# Composition of Function

In this lesson, I will go over eight (8) worked examples to illustrate the process involved in function composition.

If we are given two functions, it is possible to create or generate a “new” function by composing one into the other. The step involved is similar when a function is being evaluated for a given value. For instance, evaluate the function…

for *x* = –3

It is obvious that I need to replace each “*x*” by the value provided, and simplify.

The key idea in function composition is that the input of the function is **not** a numerical value, instead, the input is also **another function**.

**General Rule of Composition of Function**

Suppose the two given functions are *f *(*x*) and *g* (*x*), the composition of is defined by

Also, the composition of is defined by

**Few notes about the symbolic “formula” above**:

- The order in function composition matters! You always compose functions
**from right to left**. Therefore, given a function, its input is always the one to its right side. In other words, the right function goes inside the left function.

- Notice in , the input or “inner function” is function
*g*because it is to the right of function*f*, which is the main or “outer function”. - In terms of the order of composition, do you see the same pattern in ? That’s right! The function f is the inner function of the outer function
*g*.

Let us go over a few examples to see how function composition works. You will realize later that it is simply an exercise of algebraic substitution and simplification.

**Examples of How to Compose Functions**

**Example 1**: Perform the indicated function composition:

The order of composition is important. Notice that in , we want function *g* (*x*) to be the input of the main function *f* (*x*).

It should look like this:

I start by writing down the main or outer function *f* (*x*) , and in every instance of “*x*“, I will substitute the full value of *g* (*x*).

Then, I’ll do whatever is needed to simplify the expressions such as squaring the binomial, applying the distributive property, and combining like terms. Other than that, there’s really nothing much to it.

Let me show you what I meant by that.

**Example 2**: Perform the indicated function composition:

I need to find the composite function which means function “* f *” is the input of function ” *g* “.

**Example 3**: Perform the indicated function composition:

This is an example of function composition where the input is a **square root function**. Let’s see how it works out.

Again, in we want to evaluate function ” *g* ” into the function “* f *“.

**Example 4**: Perform the indicated function composition:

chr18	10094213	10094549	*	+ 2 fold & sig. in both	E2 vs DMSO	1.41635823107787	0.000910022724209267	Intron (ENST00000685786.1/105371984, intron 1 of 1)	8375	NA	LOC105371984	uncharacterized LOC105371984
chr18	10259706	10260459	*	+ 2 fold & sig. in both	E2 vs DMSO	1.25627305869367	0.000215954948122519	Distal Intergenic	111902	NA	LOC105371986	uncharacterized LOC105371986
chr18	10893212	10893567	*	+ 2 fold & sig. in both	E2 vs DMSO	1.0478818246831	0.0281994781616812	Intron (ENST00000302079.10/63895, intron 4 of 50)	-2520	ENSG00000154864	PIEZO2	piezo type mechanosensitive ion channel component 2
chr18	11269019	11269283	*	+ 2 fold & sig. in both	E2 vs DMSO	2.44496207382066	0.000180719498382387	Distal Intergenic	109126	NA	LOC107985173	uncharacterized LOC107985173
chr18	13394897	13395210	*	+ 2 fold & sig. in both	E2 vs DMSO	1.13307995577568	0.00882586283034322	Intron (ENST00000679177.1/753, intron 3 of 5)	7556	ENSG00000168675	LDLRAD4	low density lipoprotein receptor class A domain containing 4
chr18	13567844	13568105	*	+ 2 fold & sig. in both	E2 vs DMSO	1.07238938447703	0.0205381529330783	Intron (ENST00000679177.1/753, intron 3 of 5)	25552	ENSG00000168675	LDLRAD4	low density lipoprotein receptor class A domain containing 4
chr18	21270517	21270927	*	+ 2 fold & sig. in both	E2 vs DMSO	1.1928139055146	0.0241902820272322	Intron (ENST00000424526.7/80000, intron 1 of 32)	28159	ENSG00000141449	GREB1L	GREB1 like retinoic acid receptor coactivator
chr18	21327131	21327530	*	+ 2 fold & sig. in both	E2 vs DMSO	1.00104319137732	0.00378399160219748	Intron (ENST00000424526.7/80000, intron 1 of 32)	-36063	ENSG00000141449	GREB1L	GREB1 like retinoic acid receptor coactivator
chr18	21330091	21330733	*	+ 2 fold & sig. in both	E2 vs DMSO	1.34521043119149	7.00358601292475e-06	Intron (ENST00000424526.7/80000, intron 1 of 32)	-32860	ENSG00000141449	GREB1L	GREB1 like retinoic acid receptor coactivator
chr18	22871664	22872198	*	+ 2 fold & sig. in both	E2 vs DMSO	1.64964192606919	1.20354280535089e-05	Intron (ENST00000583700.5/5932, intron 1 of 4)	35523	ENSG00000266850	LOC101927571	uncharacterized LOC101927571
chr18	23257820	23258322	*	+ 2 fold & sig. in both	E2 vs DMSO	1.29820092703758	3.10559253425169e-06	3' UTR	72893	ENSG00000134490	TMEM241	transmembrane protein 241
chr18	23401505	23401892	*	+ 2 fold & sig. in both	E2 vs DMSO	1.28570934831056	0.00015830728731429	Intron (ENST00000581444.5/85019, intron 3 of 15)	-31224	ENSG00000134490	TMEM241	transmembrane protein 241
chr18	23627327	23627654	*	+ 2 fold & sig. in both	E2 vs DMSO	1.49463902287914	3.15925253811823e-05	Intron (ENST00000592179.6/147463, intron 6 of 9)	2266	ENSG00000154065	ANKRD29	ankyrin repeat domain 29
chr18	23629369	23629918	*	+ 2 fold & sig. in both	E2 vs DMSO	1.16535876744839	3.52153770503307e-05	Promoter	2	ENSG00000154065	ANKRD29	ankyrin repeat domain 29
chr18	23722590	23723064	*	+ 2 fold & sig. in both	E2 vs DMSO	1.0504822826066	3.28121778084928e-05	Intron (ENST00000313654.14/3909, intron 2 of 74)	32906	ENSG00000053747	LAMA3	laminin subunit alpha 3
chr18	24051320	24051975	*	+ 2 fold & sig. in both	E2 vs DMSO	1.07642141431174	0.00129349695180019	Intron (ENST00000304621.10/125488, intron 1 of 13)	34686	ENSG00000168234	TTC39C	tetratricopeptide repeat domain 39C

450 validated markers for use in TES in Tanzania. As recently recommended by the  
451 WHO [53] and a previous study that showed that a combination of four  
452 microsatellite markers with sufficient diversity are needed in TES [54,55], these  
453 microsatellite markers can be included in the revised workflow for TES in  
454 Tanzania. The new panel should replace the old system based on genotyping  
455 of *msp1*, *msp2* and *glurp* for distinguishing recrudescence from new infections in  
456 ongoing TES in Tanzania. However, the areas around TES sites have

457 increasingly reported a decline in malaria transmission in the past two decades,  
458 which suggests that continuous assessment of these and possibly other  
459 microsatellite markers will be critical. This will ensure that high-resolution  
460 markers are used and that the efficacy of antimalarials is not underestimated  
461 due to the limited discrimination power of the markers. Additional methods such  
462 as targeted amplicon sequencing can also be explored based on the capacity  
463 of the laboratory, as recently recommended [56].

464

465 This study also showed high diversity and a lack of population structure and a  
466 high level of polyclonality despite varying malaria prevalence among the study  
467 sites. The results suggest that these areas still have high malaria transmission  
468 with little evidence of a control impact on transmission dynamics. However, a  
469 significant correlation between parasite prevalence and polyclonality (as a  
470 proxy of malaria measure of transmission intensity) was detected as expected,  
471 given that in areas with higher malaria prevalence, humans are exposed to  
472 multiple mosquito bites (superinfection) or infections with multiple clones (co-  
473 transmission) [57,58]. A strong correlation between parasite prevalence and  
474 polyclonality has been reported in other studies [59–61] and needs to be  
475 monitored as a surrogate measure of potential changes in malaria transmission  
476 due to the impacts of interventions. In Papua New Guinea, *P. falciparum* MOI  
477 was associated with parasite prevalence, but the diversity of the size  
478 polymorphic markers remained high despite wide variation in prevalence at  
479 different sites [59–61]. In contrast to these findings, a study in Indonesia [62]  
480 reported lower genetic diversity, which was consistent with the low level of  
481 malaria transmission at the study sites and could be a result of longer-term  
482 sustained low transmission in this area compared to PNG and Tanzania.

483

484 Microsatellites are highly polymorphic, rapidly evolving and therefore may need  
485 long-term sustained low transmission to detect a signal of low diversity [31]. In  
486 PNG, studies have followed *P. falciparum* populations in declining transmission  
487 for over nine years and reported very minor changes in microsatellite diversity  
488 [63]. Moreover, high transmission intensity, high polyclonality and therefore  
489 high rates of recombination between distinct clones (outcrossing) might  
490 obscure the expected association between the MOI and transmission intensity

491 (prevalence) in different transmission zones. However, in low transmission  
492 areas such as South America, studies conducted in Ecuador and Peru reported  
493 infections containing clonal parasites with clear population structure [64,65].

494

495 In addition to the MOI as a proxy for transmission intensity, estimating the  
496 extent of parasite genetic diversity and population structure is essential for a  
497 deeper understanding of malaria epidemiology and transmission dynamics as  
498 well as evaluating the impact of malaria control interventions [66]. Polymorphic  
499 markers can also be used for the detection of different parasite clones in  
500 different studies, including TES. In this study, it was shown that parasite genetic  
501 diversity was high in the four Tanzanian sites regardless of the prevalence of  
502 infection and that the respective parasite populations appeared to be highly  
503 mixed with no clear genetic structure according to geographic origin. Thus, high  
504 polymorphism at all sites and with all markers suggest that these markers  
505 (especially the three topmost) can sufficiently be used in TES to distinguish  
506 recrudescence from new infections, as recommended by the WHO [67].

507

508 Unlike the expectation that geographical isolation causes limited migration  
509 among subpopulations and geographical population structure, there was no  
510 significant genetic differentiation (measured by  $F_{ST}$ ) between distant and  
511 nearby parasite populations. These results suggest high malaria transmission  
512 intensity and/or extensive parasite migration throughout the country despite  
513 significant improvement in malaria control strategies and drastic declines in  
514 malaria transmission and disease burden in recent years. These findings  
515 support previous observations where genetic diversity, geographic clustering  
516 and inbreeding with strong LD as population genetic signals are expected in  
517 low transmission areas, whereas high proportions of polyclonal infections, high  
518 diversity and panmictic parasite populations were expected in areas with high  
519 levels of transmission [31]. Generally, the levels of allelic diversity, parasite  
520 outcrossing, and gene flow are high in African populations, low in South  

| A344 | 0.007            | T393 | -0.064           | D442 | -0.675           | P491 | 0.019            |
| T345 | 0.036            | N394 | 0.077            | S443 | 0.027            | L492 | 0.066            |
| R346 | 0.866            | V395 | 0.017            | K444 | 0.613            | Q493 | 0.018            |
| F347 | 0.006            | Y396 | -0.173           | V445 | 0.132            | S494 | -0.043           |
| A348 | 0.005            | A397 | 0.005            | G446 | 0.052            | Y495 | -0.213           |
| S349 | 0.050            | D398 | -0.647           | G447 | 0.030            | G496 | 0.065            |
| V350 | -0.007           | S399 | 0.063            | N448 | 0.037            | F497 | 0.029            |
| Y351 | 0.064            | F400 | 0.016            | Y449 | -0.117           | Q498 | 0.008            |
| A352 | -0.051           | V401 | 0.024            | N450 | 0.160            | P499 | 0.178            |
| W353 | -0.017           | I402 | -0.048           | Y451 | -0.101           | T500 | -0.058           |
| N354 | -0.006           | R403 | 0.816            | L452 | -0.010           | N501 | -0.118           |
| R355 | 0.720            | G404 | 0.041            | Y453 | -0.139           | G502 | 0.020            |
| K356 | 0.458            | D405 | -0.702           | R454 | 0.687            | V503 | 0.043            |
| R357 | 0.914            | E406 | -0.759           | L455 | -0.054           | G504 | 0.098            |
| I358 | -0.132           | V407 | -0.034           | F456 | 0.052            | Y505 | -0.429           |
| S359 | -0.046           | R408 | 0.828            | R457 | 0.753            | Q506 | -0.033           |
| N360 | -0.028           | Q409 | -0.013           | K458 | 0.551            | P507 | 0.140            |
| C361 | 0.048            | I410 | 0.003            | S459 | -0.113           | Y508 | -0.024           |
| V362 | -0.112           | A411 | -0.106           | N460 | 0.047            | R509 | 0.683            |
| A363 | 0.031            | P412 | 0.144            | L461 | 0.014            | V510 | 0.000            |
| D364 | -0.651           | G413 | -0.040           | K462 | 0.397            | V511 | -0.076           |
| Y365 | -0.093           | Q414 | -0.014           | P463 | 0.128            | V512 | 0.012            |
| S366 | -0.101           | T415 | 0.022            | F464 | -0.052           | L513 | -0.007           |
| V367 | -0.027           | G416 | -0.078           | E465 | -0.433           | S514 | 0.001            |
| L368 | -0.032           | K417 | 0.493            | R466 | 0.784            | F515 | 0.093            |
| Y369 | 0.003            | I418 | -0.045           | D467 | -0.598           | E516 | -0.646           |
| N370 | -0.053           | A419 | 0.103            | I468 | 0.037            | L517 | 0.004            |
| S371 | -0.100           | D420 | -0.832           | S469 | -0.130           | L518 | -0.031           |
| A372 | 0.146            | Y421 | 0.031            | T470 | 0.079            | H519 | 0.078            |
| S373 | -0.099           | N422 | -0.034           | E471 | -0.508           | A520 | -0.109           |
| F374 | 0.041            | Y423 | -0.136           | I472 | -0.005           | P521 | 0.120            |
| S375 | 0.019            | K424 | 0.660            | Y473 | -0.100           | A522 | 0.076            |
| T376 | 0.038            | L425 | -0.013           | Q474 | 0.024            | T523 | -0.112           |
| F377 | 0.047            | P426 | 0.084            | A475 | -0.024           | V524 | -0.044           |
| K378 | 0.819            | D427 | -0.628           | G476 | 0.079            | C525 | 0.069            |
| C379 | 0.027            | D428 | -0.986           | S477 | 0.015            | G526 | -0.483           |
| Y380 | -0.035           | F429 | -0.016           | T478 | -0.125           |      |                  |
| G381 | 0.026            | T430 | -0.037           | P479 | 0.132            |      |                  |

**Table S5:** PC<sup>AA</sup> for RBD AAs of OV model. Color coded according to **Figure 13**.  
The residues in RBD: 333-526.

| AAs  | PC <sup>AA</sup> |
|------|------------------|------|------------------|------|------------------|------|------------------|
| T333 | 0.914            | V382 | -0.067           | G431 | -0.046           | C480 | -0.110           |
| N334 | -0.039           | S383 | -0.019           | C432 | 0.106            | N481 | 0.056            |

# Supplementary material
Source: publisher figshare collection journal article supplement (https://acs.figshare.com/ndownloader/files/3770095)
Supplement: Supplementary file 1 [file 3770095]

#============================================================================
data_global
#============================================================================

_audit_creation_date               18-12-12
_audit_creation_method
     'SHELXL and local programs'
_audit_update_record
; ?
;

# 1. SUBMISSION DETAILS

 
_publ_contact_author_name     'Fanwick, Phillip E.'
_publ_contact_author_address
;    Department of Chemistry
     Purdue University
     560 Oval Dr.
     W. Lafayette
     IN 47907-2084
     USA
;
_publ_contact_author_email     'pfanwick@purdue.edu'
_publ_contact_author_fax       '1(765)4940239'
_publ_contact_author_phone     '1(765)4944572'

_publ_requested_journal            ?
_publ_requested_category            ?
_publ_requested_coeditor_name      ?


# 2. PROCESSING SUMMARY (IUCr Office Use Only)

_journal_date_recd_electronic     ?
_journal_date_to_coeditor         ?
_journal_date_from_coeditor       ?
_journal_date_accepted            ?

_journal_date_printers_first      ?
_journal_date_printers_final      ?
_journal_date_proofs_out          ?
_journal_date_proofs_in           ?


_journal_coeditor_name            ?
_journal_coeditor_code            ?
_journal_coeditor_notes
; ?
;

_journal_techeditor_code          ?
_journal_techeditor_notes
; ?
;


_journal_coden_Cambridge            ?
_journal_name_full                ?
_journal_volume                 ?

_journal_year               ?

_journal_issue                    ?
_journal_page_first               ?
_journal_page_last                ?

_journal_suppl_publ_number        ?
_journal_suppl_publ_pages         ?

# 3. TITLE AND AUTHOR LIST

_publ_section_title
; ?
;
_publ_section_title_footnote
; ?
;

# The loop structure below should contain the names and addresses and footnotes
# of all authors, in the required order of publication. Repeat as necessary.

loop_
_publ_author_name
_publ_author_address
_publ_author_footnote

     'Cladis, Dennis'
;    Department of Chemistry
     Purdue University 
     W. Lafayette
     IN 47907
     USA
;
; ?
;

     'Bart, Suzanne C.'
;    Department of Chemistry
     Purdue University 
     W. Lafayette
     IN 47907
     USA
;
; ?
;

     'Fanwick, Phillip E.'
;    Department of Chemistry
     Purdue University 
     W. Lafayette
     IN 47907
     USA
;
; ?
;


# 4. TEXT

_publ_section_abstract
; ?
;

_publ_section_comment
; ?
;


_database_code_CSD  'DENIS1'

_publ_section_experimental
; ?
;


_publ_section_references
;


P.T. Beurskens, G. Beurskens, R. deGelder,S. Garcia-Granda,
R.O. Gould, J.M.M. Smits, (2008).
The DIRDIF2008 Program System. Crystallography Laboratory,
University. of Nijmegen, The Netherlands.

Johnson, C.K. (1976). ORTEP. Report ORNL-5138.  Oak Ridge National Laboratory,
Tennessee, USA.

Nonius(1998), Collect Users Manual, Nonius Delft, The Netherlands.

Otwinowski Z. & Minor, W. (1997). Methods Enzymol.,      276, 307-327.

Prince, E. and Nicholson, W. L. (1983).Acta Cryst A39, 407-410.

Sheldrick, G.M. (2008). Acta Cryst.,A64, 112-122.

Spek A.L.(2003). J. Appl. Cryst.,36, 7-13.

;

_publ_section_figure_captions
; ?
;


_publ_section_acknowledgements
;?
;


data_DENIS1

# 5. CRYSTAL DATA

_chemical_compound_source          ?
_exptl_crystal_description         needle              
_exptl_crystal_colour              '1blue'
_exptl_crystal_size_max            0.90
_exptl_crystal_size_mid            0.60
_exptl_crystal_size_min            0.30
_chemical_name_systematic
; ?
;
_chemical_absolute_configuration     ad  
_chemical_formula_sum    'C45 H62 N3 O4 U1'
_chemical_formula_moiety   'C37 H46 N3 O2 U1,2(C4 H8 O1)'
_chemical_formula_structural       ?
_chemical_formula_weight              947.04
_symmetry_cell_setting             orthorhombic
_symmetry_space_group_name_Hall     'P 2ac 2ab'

This composition of function is quite interesting. You can maybe see that we will have a situation where a square root function goes inside another square root function.

The key to correctly compose this function is to recognize that the square root symbol can be expressed as an exponential expression with **fractional exponent equaling to . **Thus, we have and .

**Example 5**: Perform the indicated function composition:

So far in our previous examples, we have performed function compositions using two distinct functions. However, it is also possible to compose a function with itself.

**Example 6**: Perform the indicated function composition:

Let us work out an example of function composition that deals with rational functions. The algebra involved is a bit tedious, however, you should be okay as long as you are careful in simplifying the expressions in every step of the way.

In this example, you will apply the procedures on how to add or subtract rational expressions, and also on how to multiply rational expressions.

Here we go…

That wasn’t too bad, right?

**Example 7**: Perform the indicated function composition:

If you think the last example on rational functions composition was messy, wait till you see this next example. It can be a bit messier but still very manageable. So don’t fret! Always have that “laser” focus in every simplification process in order to successfully work this out correctly.

The input function ” *f* ” will be substituted into every “*x*” of the main function ” *g* “.

That was easy, wasn’t it?

For more practice, I suggest that you try reversing the order of function composition. In other words, find .

Do you also get ?

If that’s the case where , then we conclude that functions ” *g* ” and ” *f *” are inverses of each other. I have a separate tutorial on how to prove or verify if two functions are inverse of each other.

**Example 8**: Find the composite function:

In this example, we are going to compose three functions. Observing the notation of the desired composite function , we are going to work it out from right to left.

I first need to substitute and simplify function ” *h* ” into function ” *g* “,** [ g (h)= something ]**, to get some new function.

The output from previous step will be substituted further into the main function ” *f* ” ,** [ f (something) = desired function ]** to obtain the final answer. Symbolically, it looks like this…

Here we go…

I will start by solving the composition .

The result of becomes the input of *f* (*x*).